(CN) — When Donald Trump first moved into the Oval Office, he installed a portrait of Andrew Jackson, the controversial populist president who fought duels, hated the press, accused economic elites of corruption, and became a folk hero to large swaths of the white working class even as his policies created misery for tens of thousands of Native Americans.
Nearly two centuries later, American historians still argue about how good a president Jackson was. And it might also take quite a while before passions cool, and they reach a consensus about Trump.
America’s 45th president is not without accomplishments. He almost single-handedly refocused the country on issues of personal importance to him, including trade, internationalism and the strategic threat posed by China. He presided over peace and pre-Covid prosperity with the defeat of the Islamic State group, historic Mideast agreements and record-low minority unemployment.
Trump also engineered what many believe will be a lasting realignment of the political parties, turning Republicans into a vehicle for working- and middle-class interests in opposition to economic and professional elites.
But he did this with a force of personality — uncouth, vindictive, casual with facts, and openly contemptuous of long-established norms and institutions — that enraged his opponents and eventually alienated (or simply exhausted) enough ordinary Americans to seal his electoral downfall.
Trump is “a tragic figure in the Greek sense” of a larger-than-life character brought down by his own fatal flaws, said Robert Kaufman, a professor of public policy at Pepperdine University who is writing a book on Trump’s foreign policy.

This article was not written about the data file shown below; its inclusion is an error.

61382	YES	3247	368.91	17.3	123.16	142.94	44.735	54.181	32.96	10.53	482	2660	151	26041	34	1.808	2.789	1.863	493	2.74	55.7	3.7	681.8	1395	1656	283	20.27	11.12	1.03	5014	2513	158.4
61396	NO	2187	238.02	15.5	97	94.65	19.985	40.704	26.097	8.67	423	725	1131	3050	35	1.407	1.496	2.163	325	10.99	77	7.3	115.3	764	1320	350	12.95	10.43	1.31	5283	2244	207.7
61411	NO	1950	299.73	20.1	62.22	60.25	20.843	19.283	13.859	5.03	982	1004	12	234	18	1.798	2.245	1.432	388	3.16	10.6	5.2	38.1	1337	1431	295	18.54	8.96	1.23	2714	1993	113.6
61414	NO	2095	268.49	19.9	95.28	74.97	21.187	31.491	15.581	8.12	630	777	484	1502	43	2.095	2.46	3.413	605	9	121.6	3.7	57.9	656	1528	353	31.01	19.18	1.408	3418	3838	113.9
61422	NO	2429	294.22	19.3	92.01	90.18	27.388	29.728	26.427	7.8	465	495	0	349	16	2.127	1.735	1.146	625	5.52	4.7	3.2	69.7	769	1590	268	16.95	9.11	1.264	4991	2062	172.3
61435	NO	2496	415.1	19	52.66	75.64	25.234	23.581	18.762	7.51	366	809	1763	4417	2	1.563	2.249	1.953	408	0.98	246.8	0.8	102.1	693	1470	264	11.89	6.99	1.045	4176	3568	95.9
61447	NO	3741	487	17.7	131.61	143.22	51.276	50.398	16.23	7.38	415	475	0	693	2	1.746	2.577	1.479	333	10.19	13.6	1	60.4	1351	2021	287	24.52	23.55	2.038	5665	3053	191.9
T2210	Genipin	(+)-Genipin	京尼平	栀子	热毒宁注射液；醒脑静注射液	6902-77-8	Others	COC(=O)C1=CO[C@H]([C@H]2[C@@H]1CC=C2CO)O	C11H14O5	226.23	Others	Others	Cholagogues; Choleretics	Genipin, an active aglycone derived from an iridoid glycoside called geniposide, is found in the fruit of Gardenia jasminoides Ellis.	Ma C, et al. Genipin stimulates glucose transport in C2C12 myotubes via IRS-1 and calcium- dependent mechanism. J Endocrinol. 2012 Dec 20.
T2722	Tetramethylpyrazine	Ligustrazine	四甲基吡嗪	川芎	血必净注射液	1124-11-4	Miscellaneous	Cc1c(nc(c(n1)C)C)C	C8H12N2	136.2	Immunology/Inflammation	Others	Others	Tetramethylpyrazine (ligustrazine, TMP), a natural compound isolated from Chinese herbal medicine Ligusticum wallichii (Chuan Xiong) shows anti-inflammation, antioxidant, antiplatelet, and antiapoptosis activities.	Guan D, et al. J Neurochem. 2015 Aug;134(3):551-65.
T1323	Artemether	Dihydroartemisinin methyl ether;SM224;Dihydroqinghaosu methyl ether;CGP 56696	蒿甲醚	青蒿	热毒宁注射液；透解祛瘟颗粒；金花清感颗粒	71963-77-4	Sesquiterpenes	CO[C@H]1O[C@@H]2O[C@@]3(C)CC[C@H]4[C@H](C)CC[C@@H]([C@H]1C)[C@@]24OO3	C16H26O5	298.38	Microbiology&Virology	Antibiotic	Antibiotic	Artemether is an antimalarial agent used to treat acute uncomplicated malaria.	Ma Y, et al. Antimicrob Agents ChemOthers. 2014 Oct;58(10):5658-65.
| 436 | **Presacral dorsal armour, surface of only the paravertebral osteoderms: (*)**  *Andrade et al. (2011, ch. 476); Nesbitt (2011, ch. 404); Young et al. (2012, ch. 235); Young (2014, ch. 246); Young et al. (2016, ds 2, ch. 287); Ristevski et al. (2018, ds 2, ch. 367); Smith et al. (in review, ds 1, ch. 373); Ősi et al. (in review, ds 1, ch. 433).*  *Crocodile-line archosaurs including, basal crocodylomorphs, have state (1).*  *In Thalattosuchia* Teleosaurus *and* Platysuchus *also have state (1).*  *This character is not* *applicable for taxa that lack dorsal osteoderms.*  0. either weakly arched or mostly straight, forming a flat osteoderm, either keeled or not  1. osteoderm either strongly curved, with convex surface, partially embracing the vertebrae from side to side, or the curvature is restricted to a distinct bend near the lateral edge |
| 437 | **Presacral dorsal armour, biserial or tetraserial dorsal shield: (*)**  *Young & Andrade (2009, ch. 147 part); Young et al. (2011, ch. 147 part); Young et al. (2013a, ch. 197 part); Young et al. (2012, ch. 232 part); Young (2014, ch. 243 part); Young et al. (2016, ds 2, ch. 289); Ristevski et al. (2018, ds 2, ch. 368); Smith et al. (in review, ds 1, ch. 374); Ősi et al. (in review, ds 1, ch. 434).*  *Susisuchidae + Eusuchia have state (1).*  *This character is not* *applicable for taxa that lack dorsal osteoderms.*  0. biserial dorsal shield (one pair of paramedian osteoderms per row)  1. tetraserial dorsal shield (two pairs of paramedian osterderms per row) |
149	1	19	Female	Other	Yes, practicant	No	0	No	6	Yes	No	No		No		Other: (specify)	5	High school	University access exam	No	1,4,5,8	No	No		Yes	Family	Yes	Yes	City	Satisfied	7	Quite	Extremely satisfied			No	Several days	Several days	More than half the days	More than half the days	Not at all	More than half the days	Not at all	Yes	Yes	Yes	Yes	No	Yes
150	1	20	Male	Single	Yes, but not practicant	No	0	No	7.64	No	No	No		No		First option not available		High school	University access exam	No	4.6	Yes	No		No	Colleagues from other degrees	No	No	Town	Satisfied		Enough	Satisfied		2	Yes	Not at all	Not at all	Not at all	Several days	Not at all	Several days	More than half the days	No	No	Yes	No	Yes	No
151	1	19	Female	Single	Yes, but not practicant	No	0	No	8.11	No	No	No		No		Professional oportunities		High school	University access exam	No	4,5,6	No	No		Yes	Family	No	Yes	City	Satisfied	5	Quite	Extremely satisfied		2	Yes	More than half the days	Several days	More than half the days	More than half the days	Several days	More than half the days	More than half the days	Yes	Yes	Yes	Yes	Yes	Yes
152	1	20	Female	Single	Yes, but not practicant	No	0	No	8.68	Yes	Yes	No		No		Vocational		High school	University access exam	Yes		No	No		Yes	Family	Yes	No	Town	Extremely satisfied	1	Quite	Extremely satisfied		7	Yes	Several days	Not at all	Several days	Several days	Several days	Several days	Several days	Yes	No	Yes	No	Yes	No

A key to understanding Trump is that he is the first U.S. president to come to the office without any experience in government or the military, added David Greenberg, a presidential historian at Rutgers.
Ronald Reagan also rose to prominence as a celebrity, but he spent eight years as governor of California before running for the White House. Other celebrities have become governors, noted Greenberg, including Arnold Schwarzenegger and Jesse Ventura. But Trump is unique in that he used celebrity alone to rise to the country’s highest office.
Not being part of the political system made Trump “a disruptor, not a leader,” said Kaufman.
This had some value, or at least plenty of Americans in 2016 thought so. “He broke old complacencies and forced us to think about things we had long neglected,” Kaufman said.
But it also brought problems.
“People who come up through the political ranks learn the benefits of moderating influences. Trump never learned that,” Greenberg said. “He recklessly broke the rules, disregarded norms, and showed disrespect for customs, traditions, and even the law.
“His lack of education in the political process was both a strength and a weakness,” Greenberg added. “He was willing to attempt things that no one else would: pulling out of treaties, diverting money to the wall. But while he tried new things, he also destabilized the system. He endangered, or at least tested, the limits of democracy.”
David Gellman, chair of the history department at DePauw University, said “politics is theater but it has to be anchored to substance.”
“It matters a whole lot if the person understands what the job entails and how it fits into a constitutional system and norms,” Gellman continued. “And there’s a price you pay if someone is unaware and contemptuous of those norms.”
Reagan’s years as governor gave him skills, knowledge and associates that Trump lacked, Gellman said.
“There’s often a fantasy that we can solve all our problems if we just put a businessman in charge,” he added, noting that Ross Perot won 19% of the popular vote in 1992. But Gellman said Perot had far more executive accomplishments than Trump, who “was always more of a showman.”